British police receive SAS training

BRITISH police are receiving new weapons and specialised training from the SAS to combat the threat of a Mumbai-style terrorist attack in Britain.

Faced with growing terror threats involving urban areas, the hope is that the training and equipment will help if Britain ever faces an attack similar to the 2008 Mumbai shooting spree that killed 166 people and paralysed India’s business capital for days.

The announcement comes amid an active European terror threat being tracked by US and European officials. Britain’s terror threat rating remains at “severe” – the second highest tier – which means an attack is likely.

News of a possible Mumbai-styled small arms attack emerged last month after the CIA increased strikes in Pakistan to flush out al-Qa’ida operatives suspected in the plot. Some of the plot’s details came from a terror suspect arrested in Afghanistan, intelligence officials have said.

Terror attacks in cities pose multiple challenges – there are more people, increased difficulties in responding because of clogged routes and multiple problems in evacuating crowds.

British officials have refused to comment on whether the plan will arm more of Britain’s some 144,000 police officers – a fraction of whom are in armed response units. But they praised the new training.

“We are in a much better place than ever before, with dedicated counterterrorism units based within our regions,” a spokeswoman for the Association of Chief Police Officers said, speaking on condition of anonymity in line with departmental policy. “This new training and equipment will put us in an even better position.”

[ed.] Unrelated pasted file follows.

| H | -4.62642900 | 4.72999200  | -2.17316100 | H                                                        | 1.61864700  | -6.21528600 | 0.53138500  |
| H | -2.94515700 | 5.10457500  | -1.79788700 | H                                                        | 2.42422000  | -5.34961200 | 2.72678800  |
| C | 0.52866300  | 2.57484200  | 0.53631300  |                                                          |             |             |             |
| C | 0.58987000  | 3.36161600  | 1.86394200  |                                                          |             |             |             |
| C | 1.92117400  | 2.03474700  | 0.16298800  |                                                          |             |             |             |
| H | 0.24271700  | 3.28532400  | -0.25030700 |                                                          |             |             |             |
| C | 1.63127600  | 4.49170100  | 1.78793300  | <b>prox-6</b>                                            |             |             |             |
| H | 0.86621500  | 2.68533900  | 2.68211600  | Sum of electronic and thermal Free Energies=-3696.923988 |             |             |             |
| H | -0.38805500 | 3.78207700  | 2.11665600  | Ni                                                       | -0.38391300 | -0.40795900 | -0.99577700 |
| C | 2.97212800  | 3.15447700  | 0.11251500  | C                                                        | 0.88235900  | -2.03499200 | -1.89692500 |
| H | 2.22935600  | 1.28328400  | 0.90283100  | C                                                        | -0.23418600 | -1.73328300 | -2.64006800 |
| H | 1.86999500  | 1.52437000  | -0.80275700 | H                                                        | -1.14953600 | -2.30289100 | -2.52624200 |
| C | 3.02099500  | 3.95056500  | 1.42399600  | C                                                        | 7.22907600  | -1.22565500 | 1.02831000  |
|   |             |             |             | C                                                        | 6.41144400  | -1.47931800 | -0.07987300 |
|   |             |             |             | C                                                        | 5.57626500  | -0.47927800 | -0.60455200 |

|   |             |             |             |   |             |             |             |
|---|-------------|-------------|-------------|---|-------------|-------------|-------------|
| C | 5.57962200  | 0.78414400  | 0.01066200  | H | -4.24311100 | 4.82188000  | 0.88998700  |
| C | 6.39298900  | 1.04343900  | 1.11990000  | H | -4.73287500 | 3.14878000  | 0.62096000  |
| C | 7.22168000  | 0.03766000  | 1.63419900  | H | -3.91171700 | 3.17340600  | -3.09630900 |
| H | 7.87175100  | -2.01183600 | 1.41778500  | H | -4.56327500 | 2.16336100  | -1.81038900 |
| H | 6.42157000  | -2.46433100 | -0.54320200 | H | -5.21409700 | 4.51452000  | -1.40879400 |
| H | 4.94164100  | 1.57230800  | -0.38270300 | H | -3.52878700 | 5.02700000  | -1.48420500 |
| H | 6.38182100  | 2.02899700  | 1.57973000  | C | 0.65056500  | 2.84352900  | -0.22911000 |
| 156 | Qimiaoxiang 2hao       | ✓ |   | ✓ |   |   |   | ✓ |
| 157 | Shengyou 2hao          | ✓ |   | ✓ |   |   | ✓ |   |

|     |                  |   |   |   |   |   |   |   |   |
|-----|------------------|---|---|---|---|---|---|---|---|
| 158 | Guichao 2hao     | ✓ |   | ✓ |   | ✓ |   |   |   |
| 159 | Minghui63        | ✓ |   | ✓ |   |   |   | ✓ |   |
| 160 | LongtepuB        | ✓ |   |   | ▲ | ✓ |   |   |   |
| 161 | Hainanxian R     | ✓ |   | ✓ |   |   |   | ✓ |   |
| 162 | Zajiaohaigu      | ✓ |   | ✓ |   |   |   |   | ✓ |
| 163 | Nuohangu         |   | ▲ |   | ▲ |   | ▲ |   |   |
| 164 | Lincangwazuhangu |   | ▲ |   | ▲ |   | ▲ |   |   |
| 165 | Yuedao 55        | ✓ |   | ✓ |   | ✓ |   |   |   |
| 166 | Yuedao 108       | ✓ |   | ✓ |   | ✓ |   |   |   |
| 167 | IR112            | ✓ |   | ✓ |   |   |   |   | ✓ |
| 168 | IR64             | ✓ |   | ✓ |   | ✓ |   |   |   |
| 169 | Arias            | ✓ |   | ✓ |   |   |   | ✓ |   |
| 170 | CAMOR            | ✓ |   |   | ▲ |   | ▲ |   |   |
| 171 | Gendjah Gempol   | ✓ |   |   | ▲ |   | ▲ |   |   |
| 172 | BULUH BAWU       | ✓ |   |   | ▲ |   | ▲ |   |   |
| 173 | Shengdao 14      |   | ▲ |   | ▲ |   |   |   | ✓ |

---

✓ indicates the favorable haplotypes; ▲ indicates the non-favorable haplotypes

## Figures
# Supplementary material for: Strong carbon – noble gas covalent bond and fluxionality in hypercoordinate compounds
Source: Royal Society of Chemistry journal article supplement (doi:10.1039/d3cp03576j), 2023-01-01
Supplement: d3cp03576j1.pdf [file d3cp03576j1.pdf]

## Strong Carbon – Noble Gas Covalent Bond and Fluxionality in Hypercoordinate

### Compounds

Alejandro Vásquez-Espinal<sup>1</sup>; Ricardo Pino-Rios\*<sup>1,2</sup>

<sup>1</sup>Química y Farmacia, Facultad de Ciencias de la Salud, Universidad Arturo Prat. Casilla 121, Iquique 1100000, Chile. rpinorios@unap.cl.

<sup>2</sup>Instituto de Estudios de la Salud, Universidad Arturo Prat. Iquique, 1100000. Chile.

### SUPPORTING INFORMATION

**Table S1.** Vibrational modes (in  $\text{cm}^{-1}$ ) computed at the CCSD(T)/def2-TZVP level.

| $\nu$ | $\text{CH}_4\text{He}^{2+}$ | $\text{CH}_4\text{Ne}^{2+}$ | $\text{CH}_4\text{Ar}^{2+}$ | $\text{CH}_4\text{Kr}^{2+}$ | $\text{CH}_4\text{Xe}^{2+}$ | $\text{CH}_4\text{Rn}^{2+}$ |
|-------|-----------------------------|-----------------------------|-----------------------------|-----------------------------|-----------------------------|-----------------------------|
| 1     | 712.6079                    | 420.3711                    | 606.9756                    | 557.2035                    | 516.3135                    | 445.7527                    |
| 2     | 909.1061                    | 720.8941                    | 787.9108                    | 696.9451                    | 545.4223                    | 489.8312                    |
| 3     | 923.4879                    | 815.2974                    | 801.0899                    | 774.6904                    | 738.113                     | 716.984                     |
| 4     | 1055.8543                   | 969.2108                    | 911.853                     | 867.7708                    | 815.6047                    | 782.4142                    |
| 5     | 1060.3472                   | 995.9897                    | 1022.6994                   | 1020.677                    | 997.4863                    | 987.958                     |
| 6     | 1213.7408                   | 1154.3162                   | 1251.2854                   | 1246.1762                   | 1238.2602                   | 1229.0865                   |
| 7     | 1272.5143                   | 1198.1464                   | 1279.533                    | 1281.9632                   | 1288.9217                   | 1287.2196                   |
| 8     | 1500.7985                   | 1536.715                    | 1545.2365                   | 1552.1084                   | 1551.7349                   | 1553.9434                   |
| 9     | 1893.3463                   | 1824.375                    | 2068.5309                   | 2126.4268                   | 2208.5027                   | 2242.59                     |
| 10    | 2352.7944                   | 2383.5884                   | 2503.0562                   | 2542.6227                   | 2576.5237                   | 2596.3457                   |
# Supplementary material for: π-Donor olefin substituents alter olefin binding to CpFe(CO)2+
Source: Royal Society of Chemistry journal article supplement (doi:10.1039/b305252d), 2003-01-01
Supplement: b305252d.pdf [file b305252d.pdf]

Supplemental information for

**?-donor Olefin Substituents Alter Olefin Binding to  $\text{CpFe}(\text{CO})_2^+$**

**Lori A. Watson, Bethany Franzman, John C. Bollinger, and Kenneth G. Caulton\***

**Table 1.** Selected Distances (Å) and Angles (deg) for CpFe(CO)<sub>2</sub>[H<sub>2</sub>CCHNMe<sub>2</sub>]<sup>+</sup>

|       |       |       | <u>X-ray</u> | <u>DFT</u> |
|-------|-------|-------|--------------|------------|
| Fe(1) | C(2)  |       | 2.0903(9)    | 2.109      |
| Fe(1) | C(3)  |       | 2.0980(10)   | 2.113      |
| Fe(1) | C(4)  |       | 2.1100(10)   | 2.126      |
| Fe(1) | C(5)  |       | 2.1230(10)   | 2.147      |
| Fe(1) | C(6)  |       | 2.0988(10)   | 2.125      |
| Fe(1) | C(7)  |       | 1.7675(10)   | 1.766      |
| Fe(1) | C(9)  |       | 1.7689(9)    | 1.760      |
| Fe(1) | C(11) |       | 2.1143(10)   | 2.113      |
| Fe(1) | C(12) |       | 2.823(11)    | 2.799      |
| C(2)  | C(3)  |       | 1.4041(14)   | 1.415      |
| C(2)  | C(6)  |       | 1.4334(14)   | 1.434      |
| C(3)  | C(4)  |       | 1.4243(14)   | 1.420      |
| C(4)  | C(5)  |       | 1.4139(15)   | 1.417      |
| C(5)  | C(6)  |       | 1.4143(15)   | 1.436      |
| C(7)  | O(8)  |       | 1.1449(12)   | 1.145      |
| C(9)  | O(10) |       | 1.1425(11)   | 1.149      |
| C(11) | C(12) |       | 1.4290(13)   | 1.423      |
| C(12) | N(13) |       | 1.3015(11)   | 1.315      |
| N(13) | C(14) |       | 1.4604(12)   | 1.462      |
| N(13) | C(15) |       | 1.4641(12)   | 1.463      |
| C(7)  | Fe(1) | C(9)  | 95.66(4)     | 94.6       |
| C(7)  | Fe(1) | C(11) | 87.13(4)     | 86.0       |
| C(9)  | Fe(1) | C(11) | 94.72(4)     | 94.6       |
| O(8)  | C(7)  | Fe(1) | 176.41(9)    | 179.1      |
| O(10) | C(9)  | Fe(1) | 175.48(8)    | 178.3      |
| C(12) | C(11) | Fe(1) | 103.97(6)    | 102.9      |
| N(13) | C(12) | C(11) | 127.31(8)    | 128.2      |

Part of the problem in Mumbai was that the first Indian police to respond were armed with little else than sticks and batons while the attackers had AK-47s.

Britain has a deep-rooted tradition of having unassuming and unarmed police – iconic images of bobbies donning their trademark hats and batons.

Unarmed police struggled for hours this year to stop a taxi cab driver who went on a shooting spree, killing a dozen people in rural England. Officers said they had to break off their pursuit of the suspect, Derrick Bird, when he turned his gun on unarmed officers.

The new police arsenal will include automatic or semi-automatic weapons that are more powerful and accurate, but Britain’s Home Office – which overseas the police – refused to give further details about the types of weapons or how many officers would receive them.

Indian police are also changing their tactics and equipment.

“Mumbai police officers showed tremendous devotion to duty, but they lacked the requisite commando training and equipment to fight the attackers,” said KPS Gill, a retired senior Indian police officer with experience in India’s counterinsurgency operations.

An inquiry this month into the 2005 suicide attacks in London that killed 52 commuters illustrated just how difficult it was for emergency workers to reach four separate blast sites and the chaos that reigned as everyone tried to determine what was happening.

Militaries around the world have long struggled with urban warfare. “The Battle of Algiers” – a film about France’s colonial struggle with insurgents in the Algerian capital – has been used by militants and governments alike as a training lesson in urban combat.

“Most of us have specialised training of some sort, but a situation like Mumbai would be difficult to deal with in London – largely because of how densely populated it is and because of how badly it’s congested,” a police officer in a specialised unit told AP. “There would almost certainly be casualties.”

He spoke on condition of anonymity because he was not authorised to speak to the media.

The Home Office declined to elaborate on the training, some of which will be taking place at military bases in Britain. The Ministry of Defence would also not comment on the training.

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